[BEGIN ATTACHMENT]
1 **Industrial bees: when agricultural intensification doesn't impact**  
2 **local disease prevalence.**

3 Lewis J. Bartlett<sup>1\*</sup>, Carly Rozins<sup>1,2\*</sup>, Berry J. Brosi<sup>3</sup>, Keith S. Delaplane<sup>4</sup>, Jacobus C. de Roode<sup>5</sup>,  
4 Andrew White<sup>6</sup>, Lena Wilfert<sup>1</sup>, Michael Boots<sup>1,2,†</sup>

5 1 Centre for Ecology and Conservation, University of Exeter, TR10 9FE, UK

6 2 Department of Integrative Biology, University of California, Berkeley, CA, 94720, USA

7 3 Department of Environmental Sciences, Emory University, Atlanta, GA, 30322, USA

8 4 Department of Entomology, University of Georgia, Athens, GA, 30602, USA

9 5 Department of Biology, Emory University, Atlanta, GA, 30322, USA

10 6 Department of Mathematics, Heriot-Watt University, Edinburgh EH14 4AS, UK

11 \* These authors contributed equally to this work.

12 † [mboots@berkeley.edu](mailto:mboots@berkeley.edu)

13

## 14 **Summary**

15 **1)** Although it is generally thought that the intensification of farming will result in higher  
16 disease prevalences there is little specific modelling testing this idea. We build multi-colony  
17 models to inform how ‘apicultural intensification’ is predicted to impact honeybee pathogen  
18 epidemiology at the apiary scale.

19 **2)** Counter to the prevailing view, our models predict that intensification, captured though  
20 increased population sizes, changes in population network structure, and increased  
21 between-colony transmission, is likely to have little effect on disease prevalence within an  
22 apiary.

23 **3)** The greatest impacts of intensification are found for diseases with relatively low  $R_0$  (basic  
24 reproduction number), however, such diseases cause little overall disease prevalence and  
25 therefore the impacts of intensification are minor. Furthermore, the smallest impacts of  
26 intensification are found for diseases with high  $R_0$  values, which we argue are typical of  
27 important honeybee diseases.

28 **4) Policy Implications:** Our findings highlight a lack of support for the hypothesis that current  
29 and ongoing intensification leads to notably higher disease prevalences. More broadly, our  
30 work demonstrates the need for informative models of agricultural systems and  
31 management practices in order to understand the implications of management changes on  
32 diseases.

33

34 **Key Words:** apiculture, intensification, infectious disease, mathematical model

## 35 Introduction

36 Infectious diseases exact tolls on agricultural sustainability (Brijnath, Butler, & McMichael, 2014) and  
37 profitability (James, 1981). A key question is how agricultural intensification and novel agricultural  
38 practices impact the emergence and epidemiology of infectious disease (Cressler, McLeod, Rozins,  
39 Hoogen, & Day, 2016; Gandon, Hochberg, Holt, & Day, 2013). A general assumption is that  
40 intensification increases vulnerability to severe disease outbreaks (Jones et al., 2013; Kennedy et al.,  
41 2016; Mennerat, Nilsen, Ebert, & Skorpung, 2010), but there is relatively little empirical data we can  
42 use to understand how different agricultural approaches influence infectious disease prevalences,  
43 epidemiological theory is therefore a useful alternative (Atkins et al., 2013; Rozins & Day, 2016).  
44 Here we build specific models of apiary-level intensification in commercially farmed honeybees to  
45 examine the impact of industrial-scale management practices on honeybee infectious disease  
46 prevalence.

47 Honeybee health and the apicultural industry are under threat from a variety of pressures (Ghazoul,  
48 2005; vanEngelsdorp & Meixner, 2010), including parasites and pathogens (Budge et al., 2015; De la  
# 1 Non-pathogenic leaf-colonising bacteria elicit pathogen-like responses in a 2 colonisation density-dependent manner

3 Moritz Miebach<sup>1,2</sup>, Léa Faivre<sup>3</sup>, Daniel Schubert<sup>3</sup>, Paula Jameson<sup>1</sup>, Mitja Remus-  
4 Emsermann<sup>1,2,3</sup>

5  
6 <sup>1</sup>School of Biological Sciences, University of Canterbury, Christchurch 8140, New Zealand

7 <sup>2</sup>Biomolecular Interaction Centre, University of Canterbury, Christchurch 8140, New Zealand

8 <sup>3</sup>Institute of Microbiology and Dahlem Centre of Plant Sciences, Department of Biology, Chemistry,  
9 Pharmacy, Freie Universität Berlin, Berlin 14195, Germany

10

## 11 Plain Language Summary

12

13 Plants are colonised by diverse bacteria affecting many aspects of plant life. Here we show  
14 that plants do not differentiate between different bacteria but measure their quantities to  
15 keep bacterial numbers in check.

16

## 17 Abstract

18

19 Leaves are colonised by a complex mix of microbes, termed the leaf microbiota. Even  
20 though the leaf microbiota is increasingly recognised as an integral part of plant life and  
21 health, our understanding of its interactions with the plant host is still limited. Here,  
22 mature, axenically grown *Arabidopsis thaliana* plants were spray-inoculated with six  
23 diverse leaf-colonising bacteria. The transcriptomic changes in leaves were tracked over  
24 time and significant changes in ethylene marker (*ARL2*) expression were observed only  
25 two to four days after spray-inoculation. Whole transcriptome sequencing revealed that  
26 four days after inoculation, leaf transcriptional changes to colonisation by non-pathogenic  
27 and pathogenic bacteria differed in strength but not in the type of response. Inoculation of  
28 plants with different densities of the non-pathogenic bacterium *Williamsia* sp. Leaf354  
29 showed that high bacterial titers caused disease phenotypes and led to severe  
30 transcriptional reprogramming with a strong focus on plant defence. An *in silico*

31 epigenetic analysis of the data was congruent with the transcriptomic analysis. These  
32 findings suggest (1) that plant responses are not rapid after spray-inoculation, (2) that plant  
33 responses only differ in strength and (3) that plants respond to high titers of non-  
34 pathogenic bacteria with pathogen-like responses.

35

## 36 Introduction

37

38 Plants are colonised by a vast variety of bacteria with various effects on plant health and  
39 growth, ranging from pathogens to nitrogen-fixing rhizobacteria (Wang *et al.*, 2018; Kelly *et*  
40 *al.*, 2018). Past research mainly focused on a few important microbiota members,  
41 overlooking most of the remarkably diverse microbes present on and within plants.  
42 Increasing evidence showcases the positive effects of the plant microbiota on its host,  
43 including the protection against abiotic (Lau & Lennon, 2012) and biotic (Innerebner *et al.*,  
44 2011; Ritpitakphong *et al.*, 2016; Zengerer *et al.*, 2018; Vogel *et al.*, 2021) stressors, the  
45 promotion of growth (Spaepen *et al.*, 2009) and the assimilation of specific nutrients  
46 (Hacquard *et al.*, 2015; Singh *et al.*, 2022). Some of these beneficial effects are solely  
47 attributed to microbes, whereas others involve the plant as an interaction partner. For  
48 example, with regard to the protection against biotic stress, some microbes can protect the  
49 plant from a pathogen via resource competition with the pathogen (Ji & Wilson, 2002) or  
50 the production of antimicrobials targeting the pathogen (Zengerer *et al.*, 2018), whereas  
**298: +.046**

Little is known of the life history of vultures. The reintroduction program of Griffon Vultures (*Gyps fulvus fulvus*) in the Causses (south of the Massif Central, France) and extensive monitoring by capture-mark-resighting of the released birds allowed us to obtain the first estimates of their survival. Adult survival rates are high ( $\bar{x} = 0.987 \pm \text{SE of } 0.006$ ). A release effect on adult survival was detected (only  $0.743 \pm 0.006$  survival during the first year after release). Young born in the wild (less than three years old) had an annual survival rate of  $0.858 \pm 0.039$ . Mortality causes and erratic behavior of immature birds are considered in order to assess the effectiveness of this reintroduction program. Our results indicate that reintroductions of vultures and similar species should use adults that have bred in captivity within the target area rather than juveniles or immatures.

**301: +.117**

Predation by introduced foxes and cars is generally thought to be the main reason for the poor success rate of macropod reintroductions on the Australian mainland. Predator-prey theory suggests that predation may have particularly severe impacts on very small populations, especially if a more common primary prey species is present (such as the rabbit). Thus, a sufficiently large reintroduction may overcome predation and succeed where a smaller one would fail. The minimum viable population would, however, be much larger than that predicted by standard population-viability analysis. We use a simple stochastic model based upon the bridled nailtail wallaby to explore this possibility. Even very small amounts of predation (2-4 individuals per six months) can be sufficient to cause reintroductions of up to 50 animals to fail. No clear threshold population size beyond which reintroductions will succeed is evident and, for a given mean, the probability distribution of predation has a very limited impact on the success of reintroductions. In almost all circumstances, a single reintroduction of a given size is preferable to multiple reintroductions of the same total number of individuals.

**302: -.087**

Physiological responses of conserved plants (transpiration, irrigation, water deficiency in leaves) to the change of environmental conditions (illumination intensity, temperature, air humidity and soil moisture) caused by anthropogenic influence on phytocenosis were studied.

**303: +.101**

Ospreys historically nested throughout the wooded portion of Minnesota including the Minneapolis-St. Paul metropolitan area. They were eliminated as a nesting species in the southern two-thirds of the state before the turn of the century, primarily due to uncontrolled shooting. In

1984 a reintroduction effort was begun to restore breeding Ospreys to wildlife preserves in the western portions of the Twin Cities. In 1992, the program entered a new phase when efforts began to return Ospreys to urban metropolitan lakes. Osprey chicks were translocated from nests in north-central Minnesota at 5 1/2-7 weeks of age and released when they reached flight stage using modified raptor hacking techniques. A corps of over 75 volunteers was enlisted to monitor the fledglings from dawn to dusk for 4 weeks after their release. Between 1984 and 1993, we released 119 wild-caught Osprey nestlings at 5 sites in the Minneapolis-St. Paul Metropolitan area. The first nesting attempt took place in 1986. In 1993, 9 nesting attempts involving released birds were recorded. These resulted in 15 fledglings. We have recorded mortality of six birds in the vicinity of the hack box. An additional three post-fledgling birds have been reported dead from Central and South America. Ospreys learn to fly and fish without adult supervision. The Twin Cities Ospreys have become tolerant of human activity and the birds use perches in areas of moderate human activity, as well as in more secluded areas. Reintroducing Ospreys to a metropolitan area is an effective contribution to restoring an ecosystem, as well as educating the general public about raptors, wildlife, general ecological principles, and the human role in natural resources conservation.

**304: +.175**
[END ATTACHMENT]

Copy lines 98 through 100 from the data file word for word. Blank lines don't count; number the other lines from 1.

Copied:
**298: +.046**

Little is known of the life history of vultures. The reintroduction program of Griffon Vultures (*Gyps fulvus fulvus*) in the Causses (south of the Massif Central, France) and extensive monitoring by capture-mark-resighting of the released birds allowed us to obtain the first estimates of their survival. Adult survival rates are high ( $\bar{x} = 0.987 \pm \text{SE of } 0.006$ ). A release effect on adult survival was detected (only  $0.743 \pm 0.006$  survival during the first year after release). Young born in the wild (less than three years old) had an annual survival rate of  $0.858 \pm 0.039$ . Mortality causes and erratic behavior of immature birds are considered in order to assess the effectiveness of this reintroduction program. Our results indicate that reintroductions of vultures and similar species should use adults that have bred in captivity within the target area rather than juveniles or immatures.

**301: +.117**